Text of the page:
The Evening News, earlier styled as The Evening News, and from 1889 to 1894 The Evening News and Post, was an evening newspaper published in London from 1881 to 1980, reappearing briefly in 1987. It became highly popular under the control of the Harmsworth brothers. For a long time it maintained the largest daily sale of any evening newspaper in London. After financial struggles and falling sales, it was eventually merged with its long-time rival the Evening Standard in 1980. The newspaper was revived for an eight-month period in 1987.
|Editor||Martin Fradd (1881–1882)|
Charles Williams (1882–1883)
|Founded||(1) 26 July 1881 |
(2) 25 February 1987
|Ceased publication||(1) 31 October 1980 |
(2) 30 October 1987
The newspaper was founded by Coleridge Kennard and Harry Marks. The first issue appeared on 26 July 1881. It was the first popular evening paper in London. It was priced at one halfpenny, distinguishing itself from the more serious penny papers such as The Times. The first issues were printed on light blue paper, and later editions on yellow and green paper.
The rivalry between halfpenny papers in the late 19th century was fierce, and almost ended the Evening News. According to some sources the paper was losing £40,000 a year. The brothers Alfred and Harold Harmsworth bought the paper for £25,000 in 1894.
In 1888 Alfred had founded a paper called Answers, which was modelled after another popular paper called Tit-Bits. Harold gave up his clerk's job to handle the business side of the papers, while Alfred effectively controlled the papers with great success. Alfred later became ennobled as Lord Northcliffe, and Harold as Lord Rothermere. The brothers started several papers, of which the Daily Mail became the most influential.
Under editor Kennedy Jones, the Evening News was one of the papers that transformed the English press with their so-called 'new journalism'. This meant that the papers were aimed at a wider general public than the traditional ones, such as The Times.
The Evening News became one of the leading papers in England under the control of Northcliffe. Evening newspapers were not considered to be good investments in 1900, and most of the London newspapers were losing money. At the same time the Evening News was making profit of £50,000 a year.
The circulation numbers of English newspapers between the 1850s and the 1930s can only be guessed at. (The newspapers would not publish exact figures except in their advertising, which cannot be trusted.) Some authors have carefully estimated that in 1910 the circulation of the Evening News was 300,000. Among the halfpenny evening papers, that would amount to a share of 35.7 per cent. The estimate for the average circulation of July 1914 is approximately 600,000, which would have made it the biggest evening paper in London.
During the First World War (1914-1918) the paper was widely criticised for its views on women. Women were now being treated with equality in mind. Other newspapers such as the Daily Sketch had a much more neutral approach to the introduction of women en masse into workplaces in place of men, which took place owing to the military conscription that began in 1916.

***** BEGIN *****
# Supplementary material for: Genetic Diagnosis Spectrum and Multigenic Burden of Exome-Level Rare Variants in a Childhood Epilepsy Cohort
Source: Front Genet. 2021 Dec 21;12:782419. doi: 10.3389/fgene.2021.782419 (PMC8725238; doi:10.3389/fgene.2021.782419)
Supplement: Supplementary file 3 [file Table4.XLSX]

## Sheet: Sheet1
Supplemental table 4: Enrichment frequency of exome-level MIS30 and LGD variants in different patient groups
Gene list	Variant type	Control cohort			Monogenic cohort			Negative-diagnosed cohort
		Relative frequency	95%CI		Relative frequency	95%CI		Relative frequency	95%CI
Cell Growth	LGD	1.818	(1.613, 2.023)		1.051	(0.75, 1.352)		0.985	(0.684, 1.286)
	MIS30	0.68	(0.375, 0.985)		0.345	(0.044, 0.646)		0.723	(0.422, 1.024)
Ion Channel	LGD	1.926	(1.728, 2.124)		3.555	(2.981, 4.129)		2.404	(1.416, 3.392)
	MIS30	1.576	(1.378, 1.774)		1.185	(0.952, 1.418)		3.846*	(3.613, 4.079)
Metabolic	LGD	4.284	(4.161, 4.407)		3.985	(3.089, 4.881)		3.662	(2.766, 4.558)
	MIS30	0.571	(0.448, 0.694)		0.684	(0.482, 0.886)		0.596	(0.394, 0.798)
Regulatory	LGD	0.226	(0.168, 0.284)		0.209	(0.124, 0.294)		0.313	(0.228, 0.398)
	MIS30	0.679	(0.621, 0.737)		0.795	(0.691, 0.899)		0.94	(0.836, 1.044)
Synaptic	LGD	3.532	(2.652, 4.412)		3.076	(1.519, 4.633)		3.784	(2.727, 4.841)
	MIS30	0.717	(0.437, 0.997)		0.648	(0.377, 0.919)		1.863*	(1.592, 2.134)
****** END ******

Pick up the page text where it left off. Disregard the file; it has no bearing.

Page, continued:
Northcliffe died in 1922. Subsequently, control of Associated Newspapers, including the Daily Mail, Evening News, Weekly Dispatch and Overseas Daily Mail, was bought by his brother Harold. After 1936, Harold's son Esmond took over as chairman of Associated Newspapers.
In 1960, as part of the same takeover that merged the News Chronicle into the Daily Mail, the Evening News incorporated another London evening paper, The Star. For some years the merged paper was called The Evening News and Star.
Demise and reappearanceEdit
Although it had been the biggest evening paper in London over several decades, by the 1970s the Evening News was struggling with financial problems and falling sales, for television was eating away its market share. It switched from broadsheet to tabloid in September 1974, and stopped printing on Saturdays in June 1979. In October 1980, Associated Newspapers announced that the newspaper would be closed at the end of the month. The last issue was on 31 October 1980. The paper was merged with its long-time rival the Evening Standard. For some time the resulting paper was called the New Standard. The name Evening News continued to feature on the titlepiece of the Evening Standard until the relaunch of the Evening News in the late 1980s.
The Evening News reappeared for a few months in 1987 when it was launched by the Evening Standard's owner Associated Newspapers in order to counter Robert Maxwell's London Daily News; this sparked a price war, by the end of which the Evening News was being sold at 5p, while copies of the London Daily News were 10p. The revived newspaper was edited by Lori Miles, one of the first female editors in Fleet Street. Following the collapse of the London Daily News in July, the Evening News continued for a further three months as a separate brand from the Evening Standard, catering for a more "female and South London" readership before being re-absorbed into its sister publication and former rival on 30 October 1987.
- 1881: Martin Fradd
- 1882: Charles Williams
- 1883: Frank Harris
- 1887: I. Rubie
- 1889: W. R. Lawson
- 1889: J. H. Copleston
- 1894: Kennedy Jones
- 1896: Walter J. Evans
- 1922: Charles Beattie
- 1924: Frank Fitzhugh
- 1943: Guy Schofield
- 1950: J. Marshall
- 1954: Reg Willis
- 1967: John Gold
- 1974: Louis Kirby
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- "History of the Evening News".
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- "Fleet Street's first female editor Lori Miles on her move to customer mags | Press Gazette". Archived from the original on 29 September 2015. Retrieved 27 September 2015.
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- Simms, R. (2006) The History of the Evening News